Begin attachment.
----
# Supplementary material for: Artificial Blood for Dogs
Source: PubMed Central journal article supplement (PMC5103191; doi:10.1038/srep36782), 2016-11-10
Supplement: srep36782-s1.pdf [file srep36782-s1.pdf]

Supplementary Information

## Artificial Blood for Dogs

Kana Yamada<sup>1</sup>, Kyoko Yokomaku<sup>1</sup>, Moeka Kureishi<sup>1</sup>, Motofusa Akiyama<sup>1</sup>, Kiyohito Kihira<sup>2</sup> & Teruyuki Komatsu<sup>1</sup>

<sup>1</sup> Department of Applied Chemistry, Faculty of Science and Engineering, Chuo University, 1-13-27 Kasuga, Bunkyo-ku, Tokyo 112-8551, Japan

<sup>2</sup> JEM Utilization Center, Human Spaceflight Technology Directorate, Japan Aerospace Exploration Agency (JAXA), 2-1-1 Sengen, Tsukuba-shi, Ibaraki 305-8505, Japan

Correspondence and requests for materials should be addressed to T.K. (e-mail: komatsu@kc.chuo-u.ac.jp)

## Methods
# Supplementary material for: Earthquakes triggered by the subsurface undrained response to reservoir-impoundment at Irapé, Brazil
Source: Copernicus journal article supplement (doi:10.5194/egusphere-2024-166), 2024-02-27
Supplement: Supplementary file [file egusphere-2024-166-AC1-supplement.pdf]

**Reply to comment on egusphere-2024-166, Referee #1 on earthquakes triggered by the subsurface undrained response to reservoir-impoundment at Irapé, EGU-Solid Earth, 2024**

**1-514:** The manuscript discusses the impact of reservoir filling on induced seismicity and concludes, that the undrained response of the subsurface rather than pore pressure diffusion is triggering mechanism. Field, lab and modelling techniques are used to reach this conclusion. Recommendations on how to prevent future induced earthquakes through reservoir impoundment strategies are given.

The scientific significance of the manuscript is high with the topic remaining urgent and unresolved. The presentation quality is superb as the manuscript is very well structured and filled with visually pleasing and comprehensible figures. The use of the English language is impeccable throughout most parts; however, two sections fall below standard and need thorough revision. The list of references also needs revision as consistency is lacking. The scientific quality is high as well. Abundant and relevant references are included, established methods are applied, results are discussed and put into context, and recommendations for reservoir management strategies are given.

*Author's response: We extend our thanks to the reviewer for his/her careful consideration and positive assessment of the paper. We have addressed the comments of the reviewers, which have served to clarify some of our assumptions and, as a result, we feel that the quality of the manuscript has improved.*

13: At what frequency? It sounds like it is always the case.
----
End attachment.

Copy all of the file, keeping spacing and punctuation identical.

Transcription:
# Supplementary material for: Artificial Blood for Dogs
Source: PubMed Central journal article supplement (PMC5103191; doi:10.1038/srep36782), 2016-11-10
Supplement: srep36782-s1.pdf [file srep36782-s1.pdf]

Supplementary Information

## Artificial Blood for Dogs

Kana Yamada<sup>1</sup>, Kyoko Yokomaku<sup>1</sup>, Moeka Kureishi<sup>1</sup>, Motofusa Akiyama<sup>1</sup>, Kiyohito Kihira<sup>2</sup> & Teruyuki Komatsu<sup>1</sup>

<sup>1</sup> Department of Applied Chemistry, Faculty of Science and Engineering, Chuo University, 1-13-27 Kasuga, Bunkyo-ku, Tokyo 112-8551, Japan

<sup>2</sup> JEM Utilization Center, Human Spaceflight Technology Directorate, Japan Aerospace Exploration Agency (JAXA), 2-1-1 Sengen, Tsukuba-shi, Ibaraki 305-8505, Japan

Correspondence and requests for materials should be addressed to T.K. (e-mail: komatsu@kc.chuo-u.ac.jp)

## Methods
# Supplementary material for: Earthquakes triggered by the subsurface undrained response to reservoir-impoundment at Irapé, Brazil
Source: Copernicus journal article supplement (doi:10.5194/egusphere-2024-166), 2024-02-27
Supplement: Supplementary file [file egusphere-2024-166-AC1-supplement.pdf]

**Reply to comment on egusphere-2024-166, Referee #1 on earthquakes triggered by the subsurface undrained response to reservoir-impoundment at Irapé, EGU-Solid Earth, 2024**

**1-514:** The manuscript discusses the impact of reservoir filling on induced seismicity and concludes, that the undrained response of the subsurface rather than pore pressure diffusion is triggering mechanism. Field, lab and modelling techniques are used to reach this conclusion. Recommendations on how to prevent future induced earthquakes through reservoir impoundment strategies are given.

The scientific significance of the manuscript is high with the topic remaining urgent and unresolved. The presentation quality is superb as the manuscript is very well structured and filled with visually pleasing and comprehensible figures. The use of the English language is impeccable throughout most parts; however, two sections fall below standard and need thorough revision. The list of references also needs revision as consistency is lacking. The scientific quality is high as well. Abundant and relevant references are included, established methods are applied, results are discussed and put into context, and recommendations for reservoir management strategies are given.

*Author's response: We extend our thanks to the reviewer for his/her careful consideration and positive assessment of the paper. We have addressed the comments of the reviewers, which have served to clarify some of our assumptions and, as a result, we feel that the quality of the manuscript has improved.*

13: At what frequency? It sounds like it is always the case.